Friday, June 18, 2004
Have the Conservatives won half the battle?
In assessing the political landscape now more than halfway through the campaign, I can't help but be surprised at just how accepting almost everyone is with just the possibility of a Conservative government.
Yes, there is the usual scare-mongering generated from the left when someone other than them is poised for victory.
Yet even from these sources there is the admission that voters are taking more than a serious look at the Conservative Party. Indeed, they are thinking seriously about electing them to government.
Voter comfort with the party is still volatile. The Tories have stalled somewhat in the polls and we are far from any kind of declaration of a Conservative landslide.
However, there is now no denying the fact that everyone believes the Conservatives can win this thing. Even Craig Oliver has jumped on this bandwagon.
This is a far cry from what people were saying only a few weeks ago. It is also a remarkable achievement for a new party which had the challenge of convincing Canadians it was a mainstream and viable alternative to the governing Liberals.
They are now talking about Tory seats in Quebec. A far cry indeed.
UPDATE: Chantal Hebert, who knows a thing or two about Quebec politics, believes even a one seat breakthrough for Harper in the province would be a reasonable start for his party. Even so, people are contemplating possibilities for the Tories which were considered anything but only days ago.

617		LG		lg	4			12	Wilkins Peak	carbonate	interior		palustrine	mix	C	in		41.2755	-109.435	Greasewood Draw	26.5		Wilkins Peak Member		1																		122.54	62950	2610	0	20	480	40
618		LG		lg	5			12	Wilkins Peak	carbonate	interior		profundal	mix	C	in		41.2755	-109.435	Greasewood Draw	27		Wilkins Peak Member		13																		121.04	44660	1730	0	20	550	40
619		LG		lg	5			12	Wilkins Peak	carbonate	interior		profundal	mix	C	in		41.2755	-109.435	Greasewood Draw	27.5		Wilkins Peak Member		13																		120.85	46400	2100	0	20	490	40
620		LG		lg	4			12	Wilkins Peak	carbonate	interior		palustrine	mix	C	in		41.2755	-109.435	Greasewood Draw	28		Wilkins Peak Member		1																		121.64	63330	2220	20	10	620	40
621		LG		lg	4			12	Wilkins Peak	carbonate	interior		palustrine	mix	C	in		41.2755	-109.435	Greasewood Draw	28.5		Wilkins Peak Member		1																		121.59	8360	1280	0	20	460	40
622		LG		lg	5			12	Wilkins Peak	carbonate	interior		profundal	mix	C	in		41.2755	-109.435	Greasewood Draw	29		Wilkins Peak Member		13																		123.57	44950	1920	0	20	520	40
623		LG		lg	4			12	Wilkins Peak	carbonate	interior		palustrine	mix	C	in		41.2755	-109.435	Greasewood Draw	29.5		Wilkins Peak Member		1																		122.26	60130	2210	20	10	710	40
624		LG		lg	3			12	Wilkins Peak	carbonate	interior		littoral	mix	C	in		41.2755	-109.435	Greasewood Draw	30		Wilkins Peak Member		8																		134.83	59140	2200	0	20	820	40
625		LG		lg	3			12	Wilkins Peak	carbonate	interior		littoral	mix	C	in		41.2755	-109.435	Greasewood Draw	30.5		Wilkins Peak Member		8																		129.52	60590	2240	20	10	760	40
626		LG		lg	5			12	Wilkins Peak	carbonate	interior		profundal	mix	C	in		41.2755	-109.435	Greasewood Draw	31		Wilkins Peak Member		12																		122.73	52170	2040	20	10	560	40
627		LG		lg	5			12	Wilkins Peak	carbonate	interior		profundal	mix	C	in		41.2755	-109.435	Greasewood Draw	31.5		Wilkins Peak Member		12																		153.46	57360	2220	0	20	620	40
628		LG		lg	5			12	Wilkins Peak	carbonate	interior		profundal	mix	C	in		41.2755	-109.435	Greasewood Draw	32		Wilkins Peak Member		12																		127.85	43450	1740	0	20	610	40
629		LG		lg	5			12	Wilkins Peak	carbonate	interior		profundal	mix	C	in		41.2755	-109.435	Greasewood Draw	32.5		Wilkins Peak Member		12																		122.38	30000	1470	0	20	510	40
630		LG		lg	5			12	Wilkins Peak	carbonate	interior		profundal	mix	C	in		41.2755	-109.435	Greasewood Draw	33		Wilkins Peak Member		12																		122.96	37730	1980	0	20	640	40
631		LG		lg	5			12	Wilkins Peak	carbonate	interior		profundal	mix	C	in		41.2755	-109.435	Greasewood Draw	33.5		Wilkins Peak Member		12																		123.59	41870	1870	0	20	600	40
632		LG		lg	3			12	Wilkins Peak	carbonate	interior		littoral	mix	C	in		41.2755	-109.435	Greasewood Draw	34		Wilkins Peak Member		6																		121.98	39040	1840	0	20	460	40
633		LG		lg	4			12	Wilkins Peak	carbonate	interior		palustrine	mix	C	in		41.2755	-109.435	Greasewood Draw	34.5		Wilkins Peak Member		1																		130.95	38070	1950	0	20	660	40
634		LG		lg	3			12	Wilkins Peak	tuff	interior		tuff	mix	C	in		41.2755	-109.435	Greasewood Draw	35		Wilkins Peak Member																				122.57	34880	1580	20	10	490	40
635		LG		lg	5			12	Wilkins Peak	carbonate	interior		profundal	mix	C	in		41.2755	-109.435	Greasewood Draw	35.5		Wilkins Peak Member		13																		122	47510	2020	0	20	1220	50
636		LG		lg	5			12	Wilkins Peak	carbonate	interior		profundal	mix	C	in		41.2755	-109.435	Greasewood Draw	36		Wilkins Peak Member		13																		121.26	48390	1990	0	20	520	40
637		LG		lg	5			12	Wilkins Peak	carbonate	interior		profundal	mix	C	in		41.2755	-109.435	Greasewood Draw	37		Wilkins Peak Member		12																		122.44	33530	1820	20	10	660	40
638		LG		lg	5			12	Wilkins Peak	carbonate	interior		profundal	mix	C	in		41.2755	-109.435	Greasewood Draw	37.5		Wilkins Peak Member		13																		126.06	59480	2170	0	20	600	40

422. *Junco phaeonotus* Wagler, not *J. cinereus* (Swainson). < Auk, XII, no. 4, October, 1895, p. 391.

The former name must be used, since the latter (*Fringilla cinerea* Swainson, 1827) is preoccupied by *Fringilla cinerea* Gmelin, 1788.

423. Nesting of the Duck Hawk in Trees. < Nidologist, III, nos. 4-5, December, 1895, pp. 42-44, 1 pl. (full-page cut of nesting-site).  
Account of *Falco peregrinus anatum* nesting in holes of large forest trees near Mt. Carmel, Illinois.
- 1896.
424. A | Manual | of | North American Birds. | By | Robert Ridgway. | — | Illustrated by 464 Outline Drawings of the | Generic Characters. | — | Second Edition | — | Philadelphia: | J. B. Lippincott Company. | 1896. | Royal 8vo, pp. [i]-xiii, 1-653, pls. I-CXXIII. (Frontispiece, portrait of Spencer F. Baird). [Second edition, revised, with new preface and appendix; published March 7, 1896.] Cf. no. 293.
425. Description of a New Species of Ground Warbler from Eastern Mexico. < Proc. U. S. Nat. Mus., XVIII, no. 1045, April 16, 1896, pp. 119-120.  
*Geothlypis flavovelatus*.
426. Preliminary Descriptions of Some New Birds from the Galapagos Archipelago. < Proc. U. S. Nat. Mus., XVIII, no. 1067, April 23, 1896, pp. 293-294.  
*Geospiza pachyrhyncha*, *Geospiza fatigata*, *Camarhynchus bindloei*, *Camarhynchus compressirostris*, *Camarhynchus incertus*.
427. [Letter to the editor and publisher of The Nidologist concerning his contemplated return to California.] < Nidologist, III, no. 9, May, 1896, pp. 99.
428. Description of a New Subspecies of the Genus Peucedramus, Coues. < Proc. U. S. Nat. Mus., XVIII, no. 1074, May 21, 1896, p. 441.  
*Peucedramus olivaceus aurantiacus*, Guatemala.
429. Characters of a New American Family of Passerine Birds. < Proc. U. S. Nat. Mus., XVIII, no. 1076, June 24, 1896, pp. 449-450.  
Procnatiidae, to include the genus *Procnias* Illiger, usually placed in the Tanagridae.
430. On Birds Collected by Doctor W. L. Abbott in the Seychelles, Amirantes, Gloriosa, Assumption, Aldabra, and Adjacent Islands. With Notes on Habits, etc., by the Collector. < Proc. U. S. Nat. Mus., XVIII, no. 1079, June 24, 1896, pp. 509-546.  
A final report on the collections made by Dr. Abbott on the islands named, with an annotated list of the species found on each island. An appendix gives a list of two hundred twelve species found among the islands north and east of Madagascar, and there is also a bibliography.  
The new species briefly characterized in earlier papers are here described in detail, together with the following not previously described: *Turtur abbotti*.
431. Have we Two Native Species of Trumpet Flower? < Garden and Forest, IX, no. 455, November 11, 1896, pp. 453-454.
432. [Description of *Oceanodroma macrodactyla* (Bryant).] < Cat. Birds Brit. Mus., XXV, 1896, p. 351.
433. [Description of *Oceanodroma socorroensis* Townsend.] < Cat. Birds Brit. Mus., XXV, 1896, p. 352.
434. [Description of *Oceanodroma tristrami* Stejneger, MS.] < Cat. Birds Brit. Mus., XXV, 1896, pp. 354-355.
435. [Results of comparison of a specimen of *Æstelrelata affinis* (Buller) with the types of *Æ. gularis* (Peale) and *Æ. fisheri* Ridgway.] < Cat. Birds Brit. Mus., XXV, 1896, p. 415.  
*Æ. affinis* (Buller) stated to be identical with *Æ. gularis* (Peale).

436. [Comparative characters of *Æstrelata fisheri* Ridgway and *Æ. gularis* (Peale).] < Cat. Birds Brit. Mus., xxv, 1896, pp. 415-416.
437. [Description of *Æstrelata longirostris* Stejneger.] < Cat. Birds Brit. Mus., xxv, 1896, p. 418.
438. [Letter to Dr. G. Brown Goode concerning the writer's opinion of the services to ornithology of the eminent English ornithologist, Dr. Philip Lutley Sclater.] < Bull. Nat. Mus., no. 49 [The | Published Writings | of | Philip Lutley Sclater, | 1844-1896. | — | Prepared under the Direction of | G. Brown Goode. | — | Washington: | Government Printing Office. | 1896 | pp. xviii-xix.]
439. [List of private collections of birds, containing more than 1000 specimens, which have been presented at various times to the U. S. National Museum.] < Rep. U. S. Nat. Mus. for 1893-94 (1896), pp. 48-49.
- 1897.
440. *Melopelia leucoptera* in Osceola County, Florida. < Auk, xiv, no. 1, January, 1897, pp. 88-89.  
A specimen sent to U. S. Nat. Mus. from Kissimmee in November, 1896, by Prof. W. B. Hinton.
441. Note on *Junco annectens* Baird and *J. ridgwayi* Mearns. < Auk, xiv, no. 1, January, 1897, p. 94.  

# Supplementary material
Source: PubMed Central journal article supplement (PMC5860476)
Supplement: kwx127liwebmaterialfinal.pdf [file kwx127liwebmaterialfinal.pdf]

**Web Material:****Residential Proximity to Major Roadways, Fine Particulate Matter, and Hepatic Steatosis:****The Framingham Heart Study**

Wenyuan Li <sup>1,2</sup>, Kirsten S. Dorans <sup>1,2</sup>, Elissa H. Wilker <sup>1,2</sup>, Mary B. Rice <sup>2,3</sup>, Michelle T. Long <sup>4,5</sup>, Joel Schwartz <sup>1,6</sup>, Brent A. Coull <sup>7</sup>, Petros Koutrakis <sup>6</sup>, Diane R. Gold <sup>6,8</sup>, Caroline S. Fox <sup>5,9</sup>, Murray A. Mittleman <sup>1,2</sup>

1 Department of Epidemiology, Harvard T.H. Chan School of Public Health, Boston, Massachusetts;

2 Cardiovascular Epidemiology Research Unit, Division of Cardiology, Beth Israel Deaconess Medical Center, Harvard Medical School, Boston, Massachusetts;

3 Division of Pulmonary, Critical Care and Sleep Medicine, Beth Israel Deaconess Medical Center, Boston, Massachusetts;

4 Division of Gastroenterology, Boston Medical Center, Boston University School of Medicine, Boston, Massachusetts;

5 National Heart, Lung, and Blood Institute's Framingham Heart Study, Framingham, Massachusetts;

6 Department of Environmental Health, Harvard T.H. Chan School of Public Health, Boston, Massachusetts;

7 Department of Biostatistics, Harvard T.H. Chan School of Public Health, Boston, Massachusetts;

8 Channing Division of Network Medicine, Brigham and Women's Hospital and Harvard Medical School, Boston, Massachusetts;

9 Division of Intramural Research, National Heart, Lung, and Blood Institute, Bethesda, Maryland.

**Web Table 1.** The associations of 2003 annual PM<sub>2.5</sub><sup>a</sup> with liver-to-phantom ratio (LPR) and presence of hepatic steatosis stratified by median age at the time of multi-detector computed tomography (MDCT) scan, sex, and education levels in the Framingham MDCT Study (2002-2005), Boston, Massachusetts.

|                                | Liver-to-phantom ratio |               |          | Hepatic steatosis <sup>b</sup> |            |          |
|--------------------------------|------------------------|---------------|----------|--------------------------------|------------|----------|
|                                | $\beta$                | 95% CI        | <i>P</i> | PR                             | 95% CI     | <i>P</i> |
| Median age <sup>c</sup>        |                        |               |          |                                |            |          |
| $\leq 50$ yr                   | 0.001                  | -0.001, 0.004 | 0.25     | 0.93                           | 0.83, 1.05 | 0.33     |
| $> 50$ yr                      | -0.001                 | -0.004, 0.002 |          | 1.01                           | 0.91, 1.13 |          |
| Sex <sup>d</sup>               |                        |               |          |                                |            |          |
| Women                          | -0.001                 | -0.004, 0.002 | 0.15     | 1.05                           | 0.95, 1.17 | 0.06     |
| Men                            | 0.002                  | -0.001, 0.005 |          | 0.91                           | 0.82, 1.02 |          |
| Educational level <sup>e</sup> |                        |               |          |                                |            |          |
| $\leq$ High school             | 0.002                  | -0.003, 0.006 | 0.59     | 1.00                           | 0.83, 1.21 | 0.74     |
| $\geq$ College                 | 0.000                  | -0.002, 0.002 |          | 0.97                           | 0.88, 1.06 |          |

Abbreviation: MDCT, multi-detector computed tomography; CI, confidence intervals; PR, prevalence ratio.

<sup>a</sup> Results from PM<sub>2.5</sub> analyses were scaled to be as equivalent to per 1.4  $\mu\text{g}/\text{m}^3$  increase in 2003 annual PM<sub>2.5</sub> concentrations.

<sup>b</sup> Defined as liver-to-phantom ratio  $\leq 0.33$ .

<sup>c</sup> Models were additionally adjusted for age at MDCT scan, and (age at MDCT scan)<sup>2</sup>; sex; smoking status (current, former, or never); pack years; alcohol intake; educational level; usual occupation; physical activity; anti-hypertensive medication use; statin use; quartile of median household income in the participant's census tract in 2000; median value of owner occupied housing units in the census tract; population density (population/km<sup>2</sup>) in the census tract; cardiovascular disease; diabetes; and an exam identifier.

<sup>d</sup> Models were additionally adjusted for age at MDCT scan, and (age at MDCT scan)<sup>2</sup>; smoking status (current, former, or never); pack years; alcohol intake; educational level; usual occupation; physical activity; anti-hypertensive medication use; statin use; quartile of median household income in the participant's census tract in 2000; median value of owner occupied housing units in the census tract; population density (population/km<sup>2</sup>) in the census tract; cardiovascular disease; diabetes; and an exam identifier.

UPDATE 2: The most recent Liberal campaign strategy is intended to cast some doubt about the Conservatives on this very topic. They want to create the impression that despite the mood for change out there the kind of change presented by the Tories is simply not acceptable or mainstream.
This may end up being the battle of the rest of the election, which does not bode well for the Conservatives. They want to make this about Liberal corruption and accountability. If the topic of the campaign shifts towards them, it threatens to violate one of the basic rules of campaigns from their perspective: making it a referendum about the other guy.
But I don't think Liberal corruption will leave the minds of voters on election day. What the Liberals seems to be hoping for is that it is accompanied by doubts about the other party's legitimacy as a viable alternative.
It should be a very interesting stretch drive indeed.
UPDATE 3: Much of the legitimacy of the new Conservative Party has come from the re-branding of the conservative (small-c) movement in this country. What Stephen Harper has essentially done is position his party as the old Conservative governing option Canadians always had before the split in 1993. Obviously, it's not the exact same party. However, it has become the re-established Conservative brand Canadians are familiar with across the country - including the provincial scene. Now, when someone doesn't want to vote for the Liberals, the option to the right looks a whole lot like the option Canadians usually had before things became all confused during the last decade.
Some on the left want to change that perception, or prevent it from materializing in the minds of many. This is part of the battle in the current election. But I think we have passed the point where this party is seen strictly as some kind of alien entity. In many ways, it is the re-established Conservative Party people have known all along. The Tory lawn signs look like they always did. Even the use of the name Tory verifies the re-established component of the new party.
People may still be somewhat skeptical of what the party is all about. But it's draping of itself in the old Conservative brand has at least sent the message to voters that this is what the face of the old party now looks like. Just how accepting of that face the electorate becomes yet remains to be seen. So far, looks pretty good for the new party.